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Presentations involving V&A staff accepted for the ICOM-CC 14th Triennial Meeting held from 12-16 September 2005 in The Hague

Conservation of Japanese Lacquer in Western collections - conserving meaning and substance

Shayne Rivers, Senior Furniture Conservator, V&A

Accepted for the ICOM-CC Working Group: wood, furniture and lacquer

Whilst outstanding examples of Japanese lacquer are highly valued in both Japan and the West, the cultural beliefs that impart value to these artefacts differ. It is essential to understand these cultural beliefs and values so that on completion of a conservation treatment the underlying significance of the object is enhanced rather than diminished.

Conservation practice seeks to understand and preserve tangible cultural property, whilst conservation ethics seek to understand and preserve intangible cultural property. Conservation ethics provide a framework that can allow conservators to balance the many intangible values associated with an object.

The development of a cross-cultural discipline of urushi conservation that is relevant and applicable in both Japan and the West would help ensure that the full meaning of Japanese lacquer in Western collections is conserved.

 

LightCheck, new disposable indicators for monitoring lighting conditions in museums

Mauro Bacci & Costanza Cucci, Istituto di Fisica Applicata - 'Nello Carrara' (IFAC-CNR), Firenze, Italy
Anne-Laurence Dupont, Bertrand Lavédrine & Claudine Loisel, Centre de Recherches sur la Conservation des Documents Graphiques (CRCDG-CNRS), Paris, France
Sandra Gerlach & Hannelore Roemich, Fraunhofer-Institut für Silicatforschung (ISC), Wertheim-Bronnbach, Germany
Graham Martin, Head of Science, V&A

Accepted for ICOM-CC Working Group, Preventive Conservation

Extensive exposure to light may cause irreversible damage to valuable heritage objects, such as fading or brittleness. It is known that the damage increases with both the length of exposure and the irradiance. Rather than limiting the time of exposure for each object, it is advisable to monitor the lighting conditions on site. A continuous monitoring program for various objects with data loggers would be rather expensive and applicable only for selected examples. As an alternative for extensive measurements, new lighting indicators have been developed and are proposed as an early warning system for light damage.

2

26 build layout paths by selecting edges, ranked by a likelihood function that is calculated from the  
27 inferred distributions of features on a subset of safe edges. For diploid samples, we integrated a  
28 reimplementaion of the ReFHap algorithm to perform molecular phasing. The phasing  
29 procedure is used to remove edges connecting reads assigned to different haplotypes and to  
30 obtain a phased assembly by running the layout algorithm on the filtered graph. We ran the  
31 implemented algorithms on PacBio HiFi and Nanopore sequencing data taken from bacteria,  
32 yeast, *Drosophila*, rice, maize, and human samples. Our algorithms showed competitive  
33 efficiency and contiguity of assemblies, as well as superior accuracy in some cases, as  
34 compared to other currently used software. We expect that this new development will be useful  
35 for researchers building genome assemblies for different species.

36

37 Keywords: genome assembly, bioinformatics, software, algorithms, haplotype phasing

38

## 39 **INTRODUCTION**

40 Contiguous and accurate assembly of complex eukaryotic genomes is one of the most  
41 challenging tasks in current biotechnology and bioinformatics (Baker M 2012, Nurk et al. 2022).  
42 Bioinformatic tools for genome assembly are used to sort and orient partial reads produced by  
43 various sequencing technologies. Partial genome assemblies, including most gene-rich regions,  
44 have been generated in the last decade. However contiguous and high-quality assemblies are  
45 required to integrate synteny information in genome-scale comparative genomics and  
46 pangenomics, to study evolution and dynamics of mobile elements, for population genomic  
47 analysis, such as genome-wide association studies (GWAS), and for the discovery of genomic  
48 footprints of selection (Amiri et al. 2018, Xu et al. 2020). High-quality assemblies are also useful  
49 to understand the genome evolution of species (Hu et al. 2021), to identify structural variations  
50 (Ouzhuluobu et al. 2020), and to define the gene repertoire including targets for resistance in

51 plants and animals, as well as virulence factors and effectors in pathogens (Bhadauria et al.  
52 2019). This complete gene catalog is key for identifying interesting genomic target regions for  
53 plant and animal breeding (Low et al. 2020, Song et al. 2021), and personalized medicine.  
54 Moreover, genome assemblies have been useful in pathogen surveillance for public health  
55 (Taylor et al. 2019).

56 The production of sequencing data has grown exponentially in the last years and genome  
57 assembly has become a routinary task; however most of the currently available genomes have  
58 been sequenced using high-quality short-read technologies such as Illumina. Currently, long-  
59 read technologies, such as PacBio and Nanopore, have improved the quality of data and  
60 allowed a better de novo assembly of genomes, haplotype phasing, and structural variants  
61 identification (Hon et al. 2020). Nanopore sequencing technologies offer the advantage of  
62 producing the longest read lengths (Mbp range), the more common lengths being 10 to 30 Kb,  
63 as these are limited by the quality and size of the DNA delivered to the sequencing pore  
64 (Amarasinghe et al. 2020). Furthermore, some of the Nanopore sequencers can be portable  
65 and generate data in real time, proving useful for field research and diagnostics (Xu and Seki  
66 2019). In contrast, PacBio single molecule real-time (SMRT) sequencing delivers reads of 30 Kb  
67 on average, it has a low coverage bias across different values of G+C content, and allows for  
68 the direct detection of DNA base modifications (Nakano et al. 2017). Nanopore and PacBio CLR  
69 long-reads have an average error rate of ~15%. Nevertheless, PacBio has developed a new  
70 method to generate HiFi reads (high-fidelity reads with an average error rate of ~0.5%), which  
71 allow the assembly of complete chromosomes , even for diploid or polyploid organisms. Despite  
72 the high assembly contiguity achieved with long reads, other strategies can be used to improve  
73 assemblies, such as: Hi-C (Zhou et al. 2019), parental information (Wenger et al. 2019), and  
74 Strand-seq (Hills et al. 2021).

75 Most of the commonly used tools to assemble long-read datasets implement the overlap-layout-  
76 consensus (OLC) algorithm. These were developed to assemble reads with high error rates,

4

The RIBA project: a climate strategy for paper based archives at the V&A

Boris Pretzel, Materials Scientist, V&A

Accepted for ICOM-CC Working Group, Preventive Conservation

A climate control strategy for paper based collections is presented. The strategy was devised for the collections of the Royal Institute of British Architects (RIBA) being re-housed at the V&A. Permanence calculations, based on the combined effect temperature and relative humidity, are used to identify the most cost effective control options for maintaining the collections at any given point in time. As these collections are relatively insensitive to climatic fluctuations, particular benefits arise by reducing heating outside of opening hours. In the interests of economy, greater weight is given to conditions of equal relative permanence that minimize dehumidification requirements.